As one of three grand award winners in the Roanoke Regional Science Fair, Chi Chi Ugochukwu, St. Mark's, Roanoke, will compete in an international science fair in Phoenix, AZ, on May 8. Her project is anti-bacteria/cancer agents.
            Trinity Ecumenical Parish welcomed 36 new members in March. Also, Sharon Sicher has been employed in the new position of director of ministries to children youth and families. She has served in a related capacity since 1999.
           Ryan-Michael Blake, a native of Wilmington, NC, and a music graduate of Lenoir-Rhyne University, has been employed as director of music at First, Norfolk. He has led music at Trinity Lutheran, Newport News, and an Episcopal congregation in Portsmouth.
            At St. Stephen, Williamsburg, Tara Grove of the William and Mary Law School has received th Federalist Society's Paul M. Bator Award for a legal scholar who demonstrated excellence in legal scholarship, commitment to teaching and concern for students.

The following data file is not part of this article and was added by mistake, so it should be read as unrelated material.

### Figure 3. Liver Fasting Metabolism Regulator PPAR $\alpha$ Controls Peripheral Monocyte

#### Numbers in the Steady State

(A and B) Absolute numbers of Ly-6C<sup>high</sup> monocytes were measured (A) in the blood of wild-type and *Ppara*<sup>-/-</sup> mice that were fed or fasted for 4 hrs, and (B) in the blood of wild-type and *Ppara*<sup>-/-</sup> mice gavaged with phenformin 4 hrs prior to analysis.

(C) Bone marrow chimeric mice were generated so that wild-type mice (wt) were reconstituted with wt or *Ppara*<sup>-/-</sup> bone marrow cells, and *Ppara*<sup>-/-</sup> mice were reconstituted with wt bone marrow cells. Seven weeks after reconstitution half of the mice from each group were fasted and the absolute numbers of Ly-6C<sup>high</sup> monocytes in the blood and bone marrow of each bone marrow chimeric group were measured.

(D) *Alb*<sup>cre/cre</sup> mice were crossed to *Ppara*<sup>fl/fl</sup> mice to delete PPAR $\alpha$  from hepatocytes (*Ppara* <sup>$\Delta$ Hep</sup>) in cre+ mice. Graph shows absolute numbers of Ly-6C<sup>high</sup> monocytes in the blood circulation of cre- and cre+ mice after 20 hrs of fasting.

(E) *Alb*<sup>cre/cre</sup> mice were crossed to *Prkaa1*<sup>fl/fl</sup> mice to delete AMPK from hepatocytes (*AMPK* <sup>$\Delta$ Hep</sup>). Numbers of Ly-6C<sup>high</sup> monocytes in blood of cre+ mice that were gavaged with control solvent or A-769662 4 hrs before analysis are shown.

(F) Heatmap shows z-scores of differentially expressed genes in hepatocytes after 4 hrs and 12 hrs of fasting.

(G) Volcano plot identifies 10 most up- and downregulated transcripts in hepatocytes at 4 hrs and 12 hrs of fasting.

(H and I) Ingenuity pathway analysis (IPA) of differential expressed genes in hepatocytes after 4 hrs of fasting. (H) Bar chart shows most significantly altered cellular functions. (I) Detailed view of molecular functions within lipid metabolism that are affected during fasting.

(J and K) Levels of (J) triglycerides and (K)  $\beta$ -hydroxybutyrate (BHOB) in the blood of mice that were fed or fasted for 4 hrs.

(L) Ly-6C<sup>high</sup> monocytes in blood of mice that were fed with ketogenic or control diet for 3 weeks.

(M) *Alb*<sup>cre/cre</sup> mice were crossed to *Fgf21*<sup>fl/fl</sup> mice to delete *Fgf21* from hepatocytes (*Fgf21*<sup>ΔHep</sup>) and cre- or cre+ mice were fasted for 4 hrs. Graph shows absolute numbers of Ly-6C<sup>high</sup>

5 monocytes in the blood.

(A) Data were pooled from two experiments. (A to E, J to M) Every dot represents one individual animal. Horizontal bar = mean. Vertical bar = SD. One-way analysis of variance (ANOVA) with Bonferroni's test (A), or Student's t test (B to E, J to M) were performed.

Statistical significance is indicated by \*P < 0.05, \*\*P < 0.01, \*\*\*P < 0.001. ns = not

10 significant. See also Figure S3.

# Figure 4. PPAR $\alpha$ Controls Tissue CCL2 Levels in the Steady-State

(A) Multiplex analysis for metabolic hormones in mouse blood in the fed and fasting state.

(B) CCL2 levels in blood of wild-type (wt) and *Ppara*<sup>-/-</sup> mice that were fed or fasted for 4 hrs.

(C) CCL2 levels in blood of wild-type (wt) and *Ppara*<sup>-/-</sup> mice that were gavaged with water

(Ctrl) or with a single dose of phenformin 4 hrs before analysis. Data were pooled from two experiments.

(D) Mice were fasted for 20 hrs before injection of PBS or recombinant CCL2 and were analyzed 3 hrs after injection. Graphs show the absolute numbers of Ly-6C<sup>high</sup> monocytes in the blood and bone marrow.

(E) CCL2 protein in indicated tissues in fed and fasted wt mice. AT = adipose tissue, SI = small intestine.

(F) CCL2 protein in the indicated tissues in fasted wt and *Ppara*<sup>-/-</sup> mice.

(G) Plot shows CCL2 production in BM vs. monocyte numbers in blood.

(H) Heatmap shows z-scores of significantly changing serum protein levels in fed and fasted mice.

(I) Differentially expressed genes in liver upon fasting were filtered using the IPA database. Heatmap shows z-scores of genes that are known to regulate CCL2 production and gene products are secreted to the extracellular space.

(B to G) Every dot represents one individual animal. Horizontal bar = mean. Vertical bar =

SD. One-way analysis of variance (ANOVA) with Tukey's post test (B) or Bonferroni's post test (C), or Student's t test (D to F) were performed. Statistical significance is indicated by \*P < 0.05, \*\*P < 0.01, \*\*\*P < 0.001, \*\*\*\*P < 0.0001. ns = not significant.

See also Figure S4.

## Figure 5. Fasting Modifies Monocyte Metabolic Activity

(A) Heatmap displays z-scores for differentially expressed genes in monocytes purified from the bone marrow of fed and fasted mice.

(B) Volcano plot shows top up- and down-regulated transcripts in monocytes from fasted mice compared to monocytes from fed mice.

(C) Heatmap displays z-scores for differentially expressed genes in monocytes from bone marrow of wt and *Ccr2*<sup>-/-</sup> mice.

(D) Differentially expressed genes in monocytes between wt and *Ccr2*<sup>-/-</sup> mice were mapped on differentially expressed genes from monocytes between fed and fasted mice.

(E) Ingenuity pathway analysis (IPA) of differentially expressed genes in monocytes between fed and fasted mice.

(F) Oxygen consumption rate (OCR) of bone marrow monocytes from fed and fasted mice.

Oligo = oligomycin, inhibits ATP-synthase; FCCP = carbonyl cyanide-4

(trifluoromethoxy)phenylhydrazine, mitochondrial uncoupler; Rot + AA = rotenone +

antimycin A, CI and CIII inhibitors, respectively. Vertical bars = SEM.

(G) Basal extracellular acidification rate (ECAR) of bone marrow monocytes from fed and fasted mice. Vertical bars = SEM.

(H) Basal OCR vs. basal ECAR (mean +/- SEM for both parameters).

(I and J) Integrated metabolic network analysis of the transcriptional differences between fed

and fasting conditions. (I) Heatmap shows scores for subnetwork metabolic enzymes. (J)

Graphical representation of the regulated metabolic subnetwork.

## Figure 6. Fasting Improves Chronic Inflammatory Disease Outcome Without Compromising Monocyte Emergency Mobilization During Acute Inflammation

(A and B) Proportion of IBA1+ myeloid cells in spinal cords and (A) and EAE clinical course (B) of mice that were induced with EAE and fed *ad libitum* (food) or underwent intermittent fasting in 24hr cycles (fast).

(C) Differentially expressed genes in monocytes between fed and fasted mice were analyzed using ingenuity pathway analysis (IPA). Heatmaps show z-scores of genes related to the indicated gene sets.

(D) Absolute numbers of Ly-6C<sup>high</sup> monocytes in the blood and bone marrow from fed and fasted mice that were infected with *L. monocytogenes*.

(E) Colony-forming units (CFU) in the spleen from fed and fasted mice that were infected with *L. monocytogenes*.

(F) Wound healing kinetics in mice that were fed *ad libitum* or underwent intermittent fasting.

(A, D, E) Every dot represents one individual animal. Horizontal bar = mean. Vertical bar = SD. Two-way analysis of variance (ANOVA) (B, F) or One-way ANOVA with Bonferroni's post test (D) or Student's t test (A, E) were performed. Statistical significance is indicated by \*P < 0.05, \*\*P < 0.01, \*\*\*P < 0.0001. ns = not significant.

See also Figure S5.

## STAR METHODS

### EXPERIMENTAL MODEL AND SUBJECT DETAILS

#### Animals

Good Shepherd, Rapidan Parish, has received Thrivent Action Team funds to purchase raised bed gardens for Sunday School children to plant vegetables which will be shared with a food pantry and the congregation.
            Christ, Fredericksburg, members raised $7,641 for the ELCA World Hunger
40 Days of Giving during Lent. This was more than three times the goal of $2,500. Of this amount, $5,000 was sent to the World Hunger Challenge and $2,641 was sent to the Synod's Papua New Guinea Malaria Sunday campaign.
            Thirteen volunteers, mainly from Holy Trinity, Wytheville, traveled to Charleston, SC, to work with Habitat on a Thrivent Builds program. Holy Trinity workers have made a dozen or more mission trips since they started after Hurricane Katrina.
            In Madison County, a Mount Nebo Revitalization Team has been formed to talk about "new ideas to share God's word, invite neighbors and friends to our wonderful family church and minister to the community around us," according to the Rapidan Parish newsletter.